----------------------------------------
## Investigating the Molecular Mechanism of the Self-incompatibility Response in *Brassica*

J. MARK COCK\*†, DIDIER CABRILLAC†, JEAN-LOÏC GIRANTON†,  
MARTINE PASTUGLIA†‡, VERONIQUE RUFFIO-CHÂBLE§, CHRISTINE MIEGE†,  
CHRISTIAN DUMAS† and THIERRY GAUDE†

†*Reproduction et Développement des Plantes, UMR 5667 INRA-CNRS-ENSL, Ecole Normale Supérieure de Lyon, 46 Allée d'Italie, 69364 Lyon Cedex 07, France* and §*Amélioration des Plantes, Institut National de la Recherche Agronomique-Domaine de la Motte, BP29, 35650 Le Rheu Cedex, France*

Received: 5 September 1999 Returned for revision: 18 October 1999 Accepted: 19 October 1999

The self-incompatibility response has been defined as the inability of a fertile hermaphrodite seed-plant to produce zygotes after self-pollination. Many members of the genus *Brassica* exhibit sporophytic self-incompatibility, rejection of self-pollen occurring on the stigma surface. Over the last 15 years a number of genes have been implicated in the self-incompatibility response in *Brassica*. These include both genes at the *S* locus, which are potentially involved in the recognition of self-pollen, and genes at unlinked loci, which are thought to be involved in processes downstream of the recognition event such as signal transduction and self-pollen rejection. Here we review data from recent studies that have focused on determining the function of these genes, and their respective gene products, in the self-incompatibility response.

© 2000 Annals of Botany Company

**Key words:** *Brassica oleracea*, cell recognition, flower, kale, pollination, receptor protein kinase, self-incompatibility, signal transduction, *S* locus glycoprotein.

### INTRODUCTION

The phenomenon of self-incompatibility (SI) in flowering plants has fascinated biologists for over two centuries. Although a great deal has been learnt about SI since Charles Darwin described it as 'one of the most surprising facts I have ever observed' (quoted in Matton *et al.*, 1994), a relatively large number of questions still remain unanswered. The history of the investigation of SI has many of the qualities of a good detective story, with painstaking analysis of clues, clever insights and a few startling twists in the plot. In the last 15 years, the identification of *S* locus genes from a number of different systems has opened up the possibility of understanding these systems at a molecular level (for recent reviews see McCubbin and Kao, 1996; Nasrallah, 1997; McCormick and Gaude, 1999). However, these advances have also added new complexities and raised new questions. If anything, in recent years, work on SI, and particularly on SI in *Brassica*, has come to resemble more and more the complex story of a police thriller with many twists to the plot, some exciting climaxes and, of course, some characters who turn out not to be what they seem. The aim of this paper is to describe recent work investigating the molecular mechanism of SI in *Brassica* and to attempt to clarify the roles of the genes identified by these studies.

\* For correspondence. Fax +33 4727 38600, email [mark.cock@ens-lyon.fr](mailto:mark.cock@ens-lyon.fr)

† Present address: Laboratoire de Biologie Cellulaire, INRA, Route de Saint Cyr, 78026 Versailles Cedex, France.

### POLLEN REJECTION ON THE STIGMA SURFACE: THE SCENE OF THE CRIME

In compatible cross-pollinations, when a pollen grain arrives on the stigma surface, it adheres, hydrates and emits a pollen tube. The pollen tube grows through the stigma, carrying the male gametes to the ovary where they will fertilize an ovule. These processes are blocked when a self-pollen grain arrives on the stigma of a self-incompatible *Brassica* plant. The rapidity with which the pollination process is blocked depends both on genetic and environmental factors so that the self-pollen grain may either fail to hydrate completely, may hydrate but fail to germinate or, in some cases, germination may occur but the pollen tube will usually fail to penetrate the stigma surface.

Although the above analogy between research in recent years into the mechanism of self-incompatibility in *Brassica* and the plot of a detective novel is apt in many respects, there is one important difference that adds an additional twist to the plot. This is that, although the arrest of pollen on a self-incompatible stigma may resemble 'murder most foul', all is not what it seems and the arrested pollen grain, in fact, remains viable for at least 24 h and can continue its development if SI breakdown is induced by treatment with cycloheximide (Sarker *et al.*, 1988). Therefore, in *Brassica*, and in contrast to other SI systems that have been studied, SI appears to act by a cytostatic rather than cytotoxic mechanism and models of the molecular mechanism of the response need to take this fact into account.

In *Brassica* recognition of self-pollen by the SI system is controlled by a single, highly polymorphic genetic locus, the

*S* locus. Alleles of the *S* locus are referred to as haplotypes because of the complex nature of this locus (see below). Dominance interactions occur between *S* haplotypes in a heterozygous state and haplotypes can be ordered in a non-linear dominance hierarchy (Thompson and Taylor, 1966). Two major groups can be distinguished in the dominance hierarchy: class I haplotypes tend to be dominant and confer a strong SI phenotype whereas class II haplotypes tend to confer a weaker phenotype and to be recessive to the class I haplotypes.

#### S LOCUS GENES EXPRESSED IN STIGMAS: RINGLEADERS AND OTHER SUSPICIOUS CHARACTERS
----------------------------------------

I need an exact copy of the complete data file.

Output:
## Investigating the Molecular Mechanism of the Self-incompatibility Response in *Brassica*

J. MARK COCK\*†, DIDIER CABRILLAC†, JEAN-LOÏC GIRANTON†,  
MARTINE PASTUGLIA†‡, VERONIQUE RUFFIO-CHÂBLE§, CHRISTINE MIEGE†,  
CHRISTIAN DUMAS† and THIERRY GAUDE†

†*Reproduction et Développement des Plantes, UMR 5667 INRA-CNRS-ENSL, Ecole Normale Supérieure de Lyon, 46 Allée d'Italie, 69364 Lyon Cedex 07, France* and §*Amélioration des Plantes, Institut National de la Recherche Agronomique-Domaine de la Motte, BP29, 35650 Le Rheu Cedex, France*

Received: 5 September 1999 Returned for revision: 18 October 1999 Accepted: 19 October 1999

The self-incompatibility response has been defined as the inability of a fertile hermaphrodite seed-plant to produce zygotes after self-pollination. Many members of the genus *Brassica* exhibit sporophytic self-incompatibility, rejection of self-pollen occurring on the stigma surface. Over the last 15 years a number of genes have been implicated in the self-incompatibility response in *Brassica*. These include both genes at the *S* locus, which are potentially involved in the recognition of self-pollen, and genes at unlinked loci, which are thought to be involved in processes downstream of the recognition event such as signal transduction and self-pollen rejection. Here we review data from recent studies that have focused on determining the function of these genes, and their respective gene products, in the self-incompatibility response.

© 2000 Annals of Botany Company

**Key words:** *Brassica oleracea*, cell recognition, flower, kale, pollination, receptor protein kinase, self-incompatibility, signal transduction, *S* locus glycoprotein.

### INTRODUCTION

The phenomenon of self-incompatibility (SI) in flowering plants has fascinated biologists for over two centuries. Although a great deal has been learnt about SI since Charles Darwin described it as 'one of the most surprising facts I have ever observed' (quoted in Matton *et al.*, 1994), a relatively large number of questions still remain unanswered. The history of the investigation of SI has many of the qualities of a good detective story, with painstaking analysis of clues, clever insights and a few startling twists in the plot. In the last 15 years, the identification of *S* locus genes from a number of different systems has opened up the possibility of understanding these systems at a molecular level (for recent reviews see McCubbin and Kao, 1996; Nasrallah, 1997; McCormick and Gaude, 1999). However, these advances have also added new complexities and raised new questions. If anything, in recent years, work on SI, and particularly on SI in *Brassica*, has come to resemble more and more the complex story of a police thriller with many twists to the plot, some exciting climaxes and, of course, some characters who turn out not to be what they seem. The aim of this paper is to describe recent work investigating the molecular mechanism of SI in *Brassica* and to attempt to clarify the roles of the genes identified by these studies.

\* For correspondence. Fax +33 4727 38600, email [mark.cock@ens-lyon.fr](mailto:mark.cock@ens-lyon.fr)

† Present address: Laboratoire de Biologie Cellulaire, INRA, Route de Saint Cyr, 78026 Versailles Cedex, France.

### POLLEN REJECTION ON THE STIGMA SURFACE: THE SCENE OF THE CRIME

In compatible cross-pollinations, when a pollen grain arrives on the stigma surface, it adheres, hydrates and emits a pollen tube. The pollen tube grows through the stigma, carrying the male gametes to the ovary where they will fertilize an ovule. These processes are blocked when a self-pollen grain arrives on the stigma of a self-incompatible *Brassica* plant. The rapidity with which the pollination process is blocked depends both on genetic and environmental factors so that the self-pollen grain may either fail to hydrate completely, may hydrate but fail to germinate or, in some cases, germination may occur but the pollen tube will usually fail to penetrate the stigma surface.

Although the above analogy between research in recent years into the mechanism of self-incompatibility in *Brassica* and the plot of a detective novel is apt in many respects, there is one important difference that adds an additional twist to the plot. This is that, although the arrest of pollen on a self-incompatible stigma may resemble 'murder most foul', all is not what it seems and the arrested pollen grain, in fact, remains viable for at least 24 h and can continue its development if SI breakdown is induced by treatment with cycloheximide (Sarker *et al.*, 1988). Therefore, in *Brassica*, and in contrast to other SI systems that have been studied, SI appears to act by a cytostatic rather than cytotoxic mechanism and models of the molecular mechanism of the response need to take this fact into account.

In *Brassica* recognition of self-pollen by the SI system is controlled by a single, highly polymorphic genetic locus, the

*S* locus. Alleles of the *S* locus are referred to as haplotypes because of the complex nature of this locus (see below). Dominance interactions occur between *S* haplotypes in a heterozygous state and haplotypes can be ordered in a non-linear dominance hierarchy (Thompson and Taylor, 1966). Two major groups can be distinguished in the dominance hierarchy: class I haplotypes tend to be dominant and confer a strong SI phenotype whereas class II haplotypes tend to confer a weaker phenotype and to be recessive to the class I haplotypes.

#### S LOCUS GENES EXPRESSED IN STIGMAS: RINGLEADERS AND OTHER SUSPICIOUS CHARACTERS